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If you want to know how corrupt a given country is, you may not need a big police sting. You could just look at how regularly its citizens tip.

New research from Harvard Business School's Magnus Thor Torfason finds a strong, positive correlation between tipping behaviors and corruption. Countries where tips are more frequent tend to rank higher on the Corruption Perceptions Index, which academics use to measure national differences in corruption.

Torfason used the Corruption Perceptions Index and compared it with a separate index on tipping, which looks at 33 professions (such occupations as hairdressers and cabdrivers) and whether its customary to tip those workers in a given country.

He found that as the prevalence of tipping behavior went up, so did a country's place on the Corruption Perceptions Index. Here's what that looks like in graph form. The number of professions traditionally tipped is on the X axis, ranking on the corruption scale is to the left.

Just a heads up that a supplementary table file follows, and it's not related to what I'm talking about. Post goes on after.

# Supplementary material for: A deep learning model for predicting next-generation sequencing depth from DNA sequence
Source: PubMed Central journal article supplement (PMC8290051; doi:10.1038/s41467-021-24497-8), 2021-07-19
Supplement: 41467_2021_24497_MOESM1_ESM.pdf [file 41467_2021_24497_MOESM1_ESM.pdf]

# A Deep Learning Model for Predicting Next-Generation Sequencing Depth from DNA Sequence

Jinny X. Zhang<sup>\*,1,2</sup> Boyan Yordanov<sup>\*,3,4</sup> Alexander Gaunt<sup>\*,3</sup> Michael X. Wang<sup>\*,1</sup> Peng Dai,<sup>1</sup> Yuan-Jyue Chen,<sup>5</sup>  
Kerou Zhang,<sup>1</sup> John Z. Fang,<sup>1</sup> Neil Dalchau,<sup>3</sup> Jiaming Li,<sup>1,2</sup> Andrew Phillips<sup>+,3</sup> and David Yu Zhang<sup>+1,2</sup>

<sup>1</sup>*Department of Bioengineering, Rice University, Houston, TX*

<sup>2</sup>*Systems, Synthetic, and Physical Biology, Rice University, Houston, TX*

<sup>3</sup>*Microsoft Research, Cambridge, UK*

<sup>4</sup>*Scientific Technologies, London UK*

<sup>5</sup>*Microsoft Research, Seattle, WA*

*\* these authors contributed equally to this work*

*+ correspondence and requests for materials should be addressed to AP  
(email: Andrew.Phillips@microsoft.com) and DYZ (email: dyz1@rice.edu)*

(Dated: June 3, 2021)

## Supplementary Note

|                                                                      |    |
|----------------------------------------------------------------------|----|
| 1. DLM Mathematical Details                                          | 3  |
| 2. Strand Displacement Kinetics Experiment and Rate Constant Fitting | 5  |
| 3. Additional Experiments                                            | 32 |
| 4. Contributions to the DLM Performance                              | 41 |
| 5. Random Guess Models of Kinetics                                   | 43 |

Tipping and bribery may, Torfason suggests, be more intertwined than we normally think. Both could be used to induce positive outcomes in the future, whether that's from a waiter or a government official:

We suggest that tips and bribes both emanate from similar norms of exchange—indeed, the timing of the gratuity may be the key distinguishing feature between these two acts. This subtle temporal distinction may help explain why tipping and bribery practices are positively correlated across countries even though many individuals perceive them as diametrically opposed from a moral standpoint.

Read the full paper (ungated) here.